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Targeting mutated MYD88 pro-survival signaling in B-cell malignancies

Dr. Treon

Steven Treon


Dana-Farber Cancer Institute

Project Term: July 1, 2023 - June 30, 2026

Our laboratory and those of others discovered highly recurring mutations in the gene MYD88 which are found in patients with various B-cell cancers including Waldenstrom’s Macroglobulinemia (95-97%), ABC Subtype of Diffuse B-cell Lymphoma (30-40%), Primary Central Nervous Lymphoma (80%), Marginal Zone Lymphoma (10%) and Chronic Lymphocytic Leukemia (5-10%). Our laboratory and those of others showed that mutated MYD88 triggers BTK, which is the target of BTK-inhibitors like ibrutinib, acalabrutinib and zanubrutinib though complete remissions are rare with these agents largely in part because other pro-survival molecules are activated by mutated MYD88 such as HCK and IRAK1. In these studies, we will develop potent and selective inhibitors to HCK and IRAK1, including PROTACs which inhibit and degrade these molecules, using lead molecules and scaffolds whose target selectivity and activity we previously validated. We will also investigate the mechanisms underlying the inactivation of the Inhibitor of BTK (IBTK) as a potential new target for development of inhibitors for use in MYD88 mutated lymphomas.

Lay Abstract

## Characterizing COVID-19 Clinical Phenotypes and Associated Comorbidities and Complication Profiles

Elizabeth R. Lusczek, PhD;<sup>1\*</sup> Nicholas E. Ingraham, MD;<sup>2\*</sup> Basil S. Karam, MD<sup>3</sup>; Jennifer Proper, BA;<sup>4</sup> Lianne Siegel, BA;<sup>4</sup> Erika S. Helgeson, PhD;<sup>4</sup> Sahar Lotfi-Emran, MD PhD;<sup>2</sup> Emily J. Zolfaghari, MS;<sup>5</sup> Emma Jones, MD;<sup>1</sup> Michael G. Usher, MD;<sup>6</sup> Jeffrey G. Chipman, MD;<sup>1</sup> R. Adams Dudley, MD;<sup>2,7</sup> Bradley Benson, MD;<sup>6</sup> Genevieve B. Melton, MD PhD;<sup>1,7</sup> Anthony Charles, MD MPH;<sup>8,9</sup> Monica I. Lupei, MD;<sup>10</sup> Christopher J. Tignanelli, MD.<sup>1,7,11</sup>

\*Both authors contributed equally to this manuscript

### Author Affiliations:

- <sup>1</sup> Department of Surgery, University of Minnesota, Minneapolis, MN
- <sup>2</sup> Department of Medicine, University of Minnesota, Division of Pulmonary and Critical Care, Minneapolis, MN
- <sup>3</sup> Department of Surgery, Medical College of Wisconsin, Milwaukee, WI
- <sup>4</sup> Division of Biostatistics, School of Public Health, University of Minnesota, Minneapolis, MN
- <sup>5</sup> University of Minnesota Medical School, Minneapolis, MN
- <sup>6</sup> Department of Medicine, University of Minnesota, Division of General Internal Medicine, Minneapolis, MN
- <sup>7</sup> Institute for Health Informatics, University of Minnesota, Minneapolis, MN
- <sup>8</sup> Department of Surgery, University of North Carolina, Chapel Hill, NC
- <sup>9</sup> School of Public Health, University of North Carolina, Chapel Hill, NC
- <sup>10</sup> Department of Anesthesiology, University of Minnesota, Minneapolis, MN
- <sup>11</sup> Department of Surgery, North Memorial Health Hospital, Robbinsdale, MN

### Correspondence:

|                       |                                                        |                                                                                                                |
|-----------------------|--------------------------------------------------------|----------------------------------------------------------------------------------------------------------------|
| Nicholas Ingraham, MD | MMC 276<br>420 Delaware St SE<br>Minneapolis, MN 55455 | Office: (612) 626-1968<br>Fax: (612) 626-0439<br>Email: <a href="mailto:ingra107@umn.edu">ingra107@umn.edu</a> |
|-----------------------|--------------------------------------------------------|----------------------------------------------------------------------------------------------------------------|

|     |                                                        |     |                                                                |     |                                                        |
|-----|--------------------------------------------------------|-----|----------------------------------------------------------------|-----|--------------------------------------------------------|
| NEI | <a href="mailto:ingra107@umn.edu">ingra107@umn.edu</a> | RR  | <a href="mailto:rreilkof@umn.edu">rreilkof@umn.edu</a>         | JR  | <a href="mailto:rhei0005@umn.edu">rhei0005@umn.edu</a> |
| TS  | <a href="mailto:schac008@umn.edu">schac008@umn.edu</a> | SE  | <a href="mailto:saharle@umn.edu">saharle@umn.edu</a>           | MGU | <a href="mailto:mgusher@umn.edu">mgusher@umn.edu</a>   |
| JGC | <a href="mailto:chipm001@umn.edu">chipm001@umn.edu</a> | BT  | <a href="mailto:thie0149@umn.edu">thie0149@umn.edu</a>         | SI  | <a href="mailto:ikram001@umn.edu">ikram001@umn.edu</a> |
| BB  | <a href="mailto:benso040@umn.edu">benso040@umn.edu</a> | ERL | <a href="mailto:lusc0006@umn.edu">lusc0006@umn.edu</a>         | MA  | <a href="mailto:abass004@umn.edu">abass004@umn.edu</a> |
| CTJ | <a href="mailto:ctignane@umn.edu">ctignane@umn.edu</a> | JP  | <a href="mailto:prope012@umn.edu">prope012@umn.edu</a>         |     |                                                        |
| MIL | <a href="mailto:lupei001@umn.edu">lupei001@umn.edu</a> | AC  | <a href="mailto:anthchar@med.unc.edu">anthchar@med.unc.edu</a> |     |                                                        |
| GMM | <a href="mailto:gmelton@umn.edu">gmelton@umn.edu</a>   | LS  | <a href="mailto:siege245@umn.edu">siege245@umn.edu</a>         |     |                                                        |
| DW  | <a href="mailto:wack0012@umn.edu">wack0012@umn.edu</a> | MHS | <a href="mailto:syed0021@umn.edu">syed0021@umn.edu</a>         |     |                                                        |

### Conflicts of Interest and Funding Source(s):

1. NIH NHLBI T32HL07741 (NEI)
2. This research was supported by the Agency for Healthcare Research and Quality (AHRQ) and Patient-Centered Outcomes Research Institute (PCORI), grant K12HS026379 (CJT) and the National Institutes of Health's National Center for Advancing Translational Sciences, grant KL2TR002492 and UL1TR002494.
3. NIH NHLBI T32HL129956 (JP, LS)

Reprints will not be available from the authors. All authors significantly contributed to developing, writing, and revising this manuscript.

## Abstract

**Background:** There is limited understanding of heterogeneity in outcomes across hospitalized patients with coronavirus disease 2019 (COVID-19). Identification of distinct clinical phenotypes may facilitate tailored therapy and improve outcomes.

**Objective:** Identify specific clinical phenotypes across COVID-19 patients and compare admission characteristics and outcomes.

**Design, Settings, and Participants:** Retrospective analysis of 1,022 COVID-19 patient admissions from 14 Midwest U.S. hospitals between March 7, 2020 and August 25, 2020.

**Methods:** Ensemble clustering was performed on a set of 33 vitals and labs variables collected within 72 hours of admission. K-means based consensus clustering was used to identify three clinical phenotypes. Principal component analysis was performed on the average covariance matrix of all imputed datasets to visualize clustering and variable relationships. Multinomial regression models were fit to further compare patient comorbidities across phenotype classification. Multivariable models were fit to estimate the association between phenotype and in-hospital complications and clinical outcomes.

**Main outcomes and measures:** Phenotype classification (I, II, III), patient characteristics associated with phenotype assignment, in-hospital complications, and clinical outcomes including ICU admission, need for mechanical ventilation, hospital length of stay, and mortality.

MYD88 is mutated in many B-cell cancers including Waldenstrom's Macroglobulinemia (WM), certain aggressive lymphomas, including those that can infiltrate the brain, marginal zone lymphoma, and chronic lymphocytic leukemia. In our previous studies, we found that MYD88 turned on BTK, which drives activation of B-cells. This finding led to the development of BTK inhibitors for WM leading to the first ever approval in WM of a drug (ibrutinib) and subsequently zanubrutinib. Despite the highly active nature of these drugs in WM and other B-cell cancers driven by mutated MYD88, complete remissions are rare, and patients can exhibit both primary (initial) resistance and acquired resistance which occurs later in time after patients respond. In primary resistance, an alternative switch mediated by IRAK1 keeps MYD88 mutated lymphoma cells alive. Hence, developing inhibitors that target IRAK1 may synergistically act with BTK inhibitors and overcome primary resistance in MYD88 mutated lymphoma cells. In previous work, we developed the first ever potent and selective IRAK1 inhibitor JHX-119-01 with our medicinal chemistry colleagues at Harvard Medical School. We tested this agent, which blocked IRAK1 activity and showed high levels of synergy with the BTK-inhibitor ibrutinib. It also shutdown the survival signals for mutated MYD88 better than either agent alone. However, the molecule was not absorbed from the gut in animal studies. We therefore propose as part of these studies to continue our development of an orally active potent and selective IRAK1 inhibitor. We have identified an initial candidate, PS-IV-91, which shows increased oral bioavailability (F=11%) and synergy with ibrutinib. We will develop additional analogues with a higher absorption rate (30-50%), and better tumor cell penetration. We will also use PROTAC technology to put a warhead on the lead drug that tags the IRAK1 protein and leads it to cellular wastebaskets for disposal. Our medicinal chemistry team is particularly suited for this effort since they were involved in the initial PROTAC scientific breakthroughs and retain the needed expertise for the development of such agents. We will also do pharmacological assessment of the candidate drugs in animal studies. We will also pursue development of PROTACs for HCK. In previous work, we showed that mutated MYD88 driven lymphomas have increased levels of HCK. HCK turns on many survival switches that keep MYD88 driven lymphomas alive. We developed a lead HCK inhibitor, KIN-8194, that showed remarkable activity in mice engrafted with aggressive MYD88 mutated lymphoma cells. Half of all mice showed no lymphomas after 6 weeks of treatment. KIN-8194 was also highly active in ibrutinib resistant lymphoma cells bearing a mutation to the binding site for ibrutinib on BTK. Lastly, we will further probe for other vulnerabilities related to BTK regulation in MYD88 mutated lymphomas and will seek to develop drug strategies based on these revelations

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